NOTE: if you are considering a very tiny system (less than 1kW) without any long runs of wire, such as an RV solar system, then you might be better of with a PWM controller if you are looking for the cheapest price. However, I still recommend MPPT charge controllers if you can afford the slightly increased price, due to the higher mechanical build quality and overall better product design available in the market for MPPT charge controllers.
Benefits of PWM Charge Controllers
- Generally cheaper for the same size charge controller
- May use less energy to run than MPPT charge controllers
Benefits of MPPT Charge Controllers
- Produces more energy out of the same solar array in some conditions (cloudy, partially shaded)
- Allows you to choose a panel array voltage independently of your battery voltage, which may save wire costs in many off grid solar installations
- Available in higher quality builds
How Big of a Charge Controller Do I Need?
Sizing your charge controller can be a little complex, because it depends on the total power consumption of your system. I’ve written a complete guide to sizing your off grid solar system which covers how to size your components step by step.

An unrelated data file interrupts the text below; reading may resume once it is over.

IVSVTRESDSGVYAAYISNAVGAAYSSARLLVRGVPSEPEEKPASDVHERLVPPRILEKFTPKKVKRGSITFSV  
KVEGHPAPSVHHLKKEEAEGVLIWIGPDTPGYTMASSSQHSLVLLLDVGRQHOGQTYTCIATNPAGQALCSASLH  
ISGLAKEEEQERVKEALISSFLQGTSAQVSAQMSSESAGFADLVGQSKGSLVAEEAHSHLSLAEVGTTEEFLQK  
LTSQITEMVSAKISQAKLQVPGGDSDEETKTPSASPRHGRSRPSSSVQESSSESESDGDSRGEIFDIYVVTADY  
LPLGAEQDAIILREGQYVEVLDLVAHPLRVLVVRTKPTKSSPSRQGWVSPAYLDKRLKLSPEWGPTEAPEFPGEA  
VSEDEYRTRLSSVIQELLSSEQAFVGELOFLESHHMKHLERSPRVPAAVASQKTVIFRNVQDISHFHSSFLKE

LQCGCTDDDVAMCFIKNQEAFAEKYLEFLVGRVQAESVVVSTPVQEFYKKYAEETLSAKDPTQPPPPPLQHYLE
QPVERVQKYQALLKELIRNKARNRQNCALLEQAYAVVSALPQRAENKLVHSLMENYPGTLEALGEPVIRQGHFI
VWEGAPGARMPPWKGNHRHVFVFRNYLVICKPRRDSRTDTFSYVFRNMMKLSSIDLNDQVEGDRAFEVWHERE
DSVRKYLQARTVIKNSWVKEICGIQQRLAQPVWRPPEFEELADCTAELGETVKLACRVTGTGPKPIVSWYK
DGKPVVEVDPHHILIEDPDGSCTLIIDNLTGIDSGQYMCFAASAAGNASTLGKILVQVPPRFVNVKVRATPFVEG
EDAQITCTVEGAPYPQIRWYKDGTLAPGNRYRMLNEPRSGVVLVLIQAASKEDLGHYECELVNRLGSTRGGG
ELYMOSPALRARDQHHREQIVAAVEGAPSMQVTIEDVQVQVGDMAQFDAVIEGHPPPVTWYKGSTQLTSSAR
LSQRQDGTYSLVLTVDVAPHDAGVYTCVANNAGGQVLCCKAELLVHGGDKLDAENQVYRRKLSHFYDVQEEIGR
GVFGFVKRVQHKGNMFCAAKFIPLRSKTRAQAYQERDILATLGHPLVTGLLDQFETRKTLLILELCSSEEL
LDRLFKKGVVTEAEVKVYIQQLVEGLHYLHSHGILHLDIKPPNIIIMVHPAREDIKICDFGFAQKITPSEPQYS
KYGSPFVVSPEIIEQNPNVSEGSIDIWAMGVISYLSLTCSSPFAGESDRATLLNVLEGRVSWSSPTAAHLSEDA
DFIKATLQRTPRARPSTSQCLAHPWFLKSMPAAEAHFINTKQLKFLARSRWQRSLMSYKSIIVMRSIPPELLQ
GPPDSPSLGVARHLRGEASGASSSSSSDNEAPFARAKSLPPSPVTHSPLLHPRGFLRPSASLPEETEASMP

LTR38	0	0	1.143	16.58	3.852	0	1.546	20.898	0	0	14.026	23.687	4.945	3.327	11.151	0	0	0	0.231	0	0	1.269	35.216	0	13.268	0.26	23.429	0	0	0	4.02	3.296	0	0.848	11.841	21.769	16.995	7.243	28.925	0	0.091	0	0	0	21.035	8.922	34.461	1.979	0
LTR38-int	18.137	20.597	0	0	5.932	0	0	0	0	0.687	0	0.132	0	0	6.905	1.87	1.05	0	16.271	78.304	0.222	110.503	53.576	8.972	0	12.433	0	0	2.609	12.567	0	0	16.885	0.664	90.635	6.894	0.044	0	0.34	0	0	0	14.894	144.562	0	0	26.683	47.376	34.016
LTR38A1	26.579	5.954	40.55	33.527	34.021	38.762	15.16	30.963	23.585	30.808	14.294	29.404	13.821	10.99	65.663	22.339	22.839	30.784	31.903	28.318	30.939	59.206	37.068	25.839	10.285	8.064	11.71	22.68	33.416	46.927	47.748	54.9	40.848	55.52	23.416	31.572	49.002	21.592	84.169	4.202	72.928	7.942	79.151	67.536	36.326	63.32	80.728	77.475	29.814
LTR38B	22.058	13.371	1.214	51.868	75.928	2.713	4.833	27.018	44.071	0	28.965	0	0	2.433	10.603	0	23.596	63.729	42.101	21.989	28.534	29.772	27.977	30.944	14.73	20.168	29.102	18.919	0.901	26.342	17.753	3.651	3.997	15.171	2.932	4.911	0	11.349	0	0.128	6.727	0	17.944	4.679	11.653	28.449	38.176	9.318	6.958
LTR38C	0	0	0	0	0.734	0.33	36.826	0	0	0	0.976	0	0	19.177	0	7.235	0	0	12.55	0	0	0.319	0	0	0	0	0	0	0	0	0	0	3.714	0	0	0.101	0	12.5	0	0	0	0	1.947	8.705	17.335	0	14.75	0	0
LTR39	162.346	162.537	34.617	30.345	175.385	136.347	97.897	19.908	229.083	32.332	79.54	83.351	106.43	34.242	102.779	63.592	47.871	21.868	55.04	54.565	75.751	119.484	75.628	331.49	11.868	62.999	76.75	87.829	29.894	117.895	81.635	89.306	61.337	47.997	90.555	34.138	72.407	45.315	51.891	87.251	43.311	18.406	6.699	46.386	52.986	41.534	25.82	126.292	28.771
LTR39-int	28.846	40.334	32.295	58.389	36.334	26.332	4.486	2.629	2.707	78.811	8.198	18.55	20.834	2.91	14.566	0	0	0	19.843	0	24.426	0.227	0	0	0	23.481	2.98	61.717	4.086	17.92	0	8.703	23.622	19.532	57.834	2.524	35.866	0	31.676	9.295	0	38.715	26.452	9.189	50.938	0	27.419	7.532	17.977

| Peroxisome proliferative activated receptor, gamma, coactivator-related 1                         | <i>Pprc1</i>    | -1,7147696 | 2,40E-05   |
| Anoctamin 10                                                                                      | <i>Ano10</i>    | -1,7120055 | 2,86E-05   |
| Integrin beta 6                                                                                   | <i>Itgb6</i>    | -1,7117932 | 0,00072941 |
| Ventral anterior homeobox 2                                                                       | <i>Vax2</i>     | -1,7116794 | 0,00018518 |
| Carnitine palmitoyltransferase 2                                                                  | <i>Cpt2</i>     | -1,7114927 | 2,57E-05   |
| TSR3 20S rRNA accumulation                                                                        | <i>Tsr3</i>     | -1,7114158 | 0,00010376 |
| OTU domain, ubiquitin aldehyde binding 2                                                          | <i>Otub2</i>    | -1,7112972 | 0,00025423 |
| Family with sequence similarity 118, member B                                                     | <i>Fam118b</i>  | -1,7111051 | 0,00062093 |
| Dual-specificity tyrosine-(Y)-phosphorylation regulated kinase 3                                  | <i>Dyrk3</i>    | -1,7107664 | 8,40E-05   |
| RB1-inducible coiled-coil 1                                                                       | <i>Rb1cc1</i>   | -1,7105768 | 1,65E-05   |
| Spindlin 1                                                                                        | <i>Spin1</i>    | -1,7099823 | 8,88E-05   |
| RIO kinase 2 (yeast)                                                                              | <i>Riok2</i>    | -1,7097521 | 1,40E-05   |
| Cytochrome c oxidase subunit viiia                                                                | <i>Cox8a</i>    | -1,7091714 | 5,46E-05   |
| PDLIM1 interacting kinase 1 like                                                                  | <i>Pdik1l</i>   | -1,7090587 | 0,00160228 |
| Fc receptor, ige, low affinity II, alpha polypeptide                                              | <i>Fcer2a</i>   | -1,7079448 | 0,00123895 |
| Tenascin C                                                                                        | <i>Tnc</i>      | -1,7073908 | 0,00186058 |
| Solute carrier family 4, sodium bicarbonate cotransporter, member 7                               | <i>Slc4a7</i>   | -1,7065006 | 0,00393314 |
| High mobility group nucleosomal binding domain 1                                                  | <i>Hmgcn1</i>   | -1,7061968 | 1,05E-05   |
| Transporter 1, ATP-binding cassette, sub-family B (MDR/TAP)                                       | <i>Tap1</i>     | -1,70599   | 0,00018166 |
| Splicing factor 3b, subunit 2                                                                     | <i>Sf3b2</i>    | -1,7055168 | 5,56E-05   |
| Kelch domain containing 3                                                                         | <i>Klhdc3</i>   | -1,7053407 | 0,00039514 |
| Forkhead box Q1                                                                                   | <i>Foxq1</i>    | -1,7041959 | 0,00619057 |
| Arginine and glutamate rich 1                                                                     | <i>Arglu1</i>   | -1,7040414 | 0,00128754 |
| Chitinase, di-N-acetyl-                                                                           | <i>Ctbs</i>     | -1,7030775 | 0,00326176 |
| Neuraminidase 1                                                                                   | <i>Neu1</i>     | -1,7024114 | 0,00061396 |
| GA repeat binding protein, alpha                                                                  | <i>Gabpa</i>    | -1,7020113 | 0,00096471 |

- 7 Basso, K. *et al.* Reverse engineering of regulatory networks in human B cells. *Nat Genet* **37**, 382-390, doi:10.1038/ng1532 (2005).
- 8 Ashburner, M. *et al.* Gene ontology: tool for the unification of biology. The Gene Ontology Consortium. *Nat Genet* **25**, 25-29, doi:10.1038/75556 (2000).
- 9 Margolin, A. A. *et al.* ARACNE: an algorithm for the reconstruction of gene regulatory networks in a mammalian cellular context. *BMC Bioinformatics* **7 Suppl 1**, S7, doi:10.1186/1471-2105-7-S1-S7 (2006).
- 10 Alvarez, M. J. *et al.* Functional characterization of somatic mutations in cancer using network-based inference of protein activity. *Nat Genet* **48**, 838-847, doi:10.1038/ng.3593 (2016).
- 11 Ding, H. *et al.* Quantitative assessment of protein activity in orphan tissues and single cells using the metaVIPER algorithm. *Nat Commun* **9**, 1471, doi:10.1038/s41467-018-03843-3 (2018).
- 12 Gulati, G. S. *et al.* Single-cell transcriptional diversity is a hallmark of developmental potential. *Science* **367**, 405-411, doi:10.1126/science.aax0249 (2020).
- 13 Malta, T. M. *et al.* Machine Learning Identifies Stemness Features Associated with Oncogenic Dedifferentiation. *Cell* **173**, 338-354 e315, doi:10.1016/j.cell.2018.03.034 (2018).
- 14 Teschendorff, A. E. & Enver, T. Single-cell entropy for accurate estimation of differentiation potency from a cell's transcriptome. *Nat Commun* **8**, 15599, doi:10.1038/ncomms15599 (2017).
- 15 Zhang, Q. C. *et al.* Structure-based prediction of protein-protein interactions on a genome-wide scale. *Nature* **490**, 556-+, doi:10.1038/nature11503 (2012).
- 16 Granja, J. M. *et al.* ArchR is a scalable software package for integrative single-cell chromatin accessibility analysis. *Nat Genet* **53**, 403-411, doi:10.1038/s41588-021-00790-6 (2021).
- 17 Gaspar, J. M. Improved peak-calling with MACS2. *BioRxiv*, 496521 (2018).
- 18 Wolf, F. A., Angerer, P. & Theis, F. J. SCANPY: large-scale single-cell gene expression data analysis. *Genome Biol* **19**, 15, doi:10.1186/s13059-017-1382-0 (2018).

However, the simple answers is that you need to size your controller large enough to accept the power generated by your solar panels. The total current supplied by your array can be determined by dividing the power of your solar array by the output voltage of your solar array:
ContollerA = ArrayP/ArrayV
Example: Let’s say you have 10ea 100W solar panels configured as a 12V array (so all in parallel assuming 12V panels). This means you will need roughly an 80 amp charge controller to fully utilize your panels.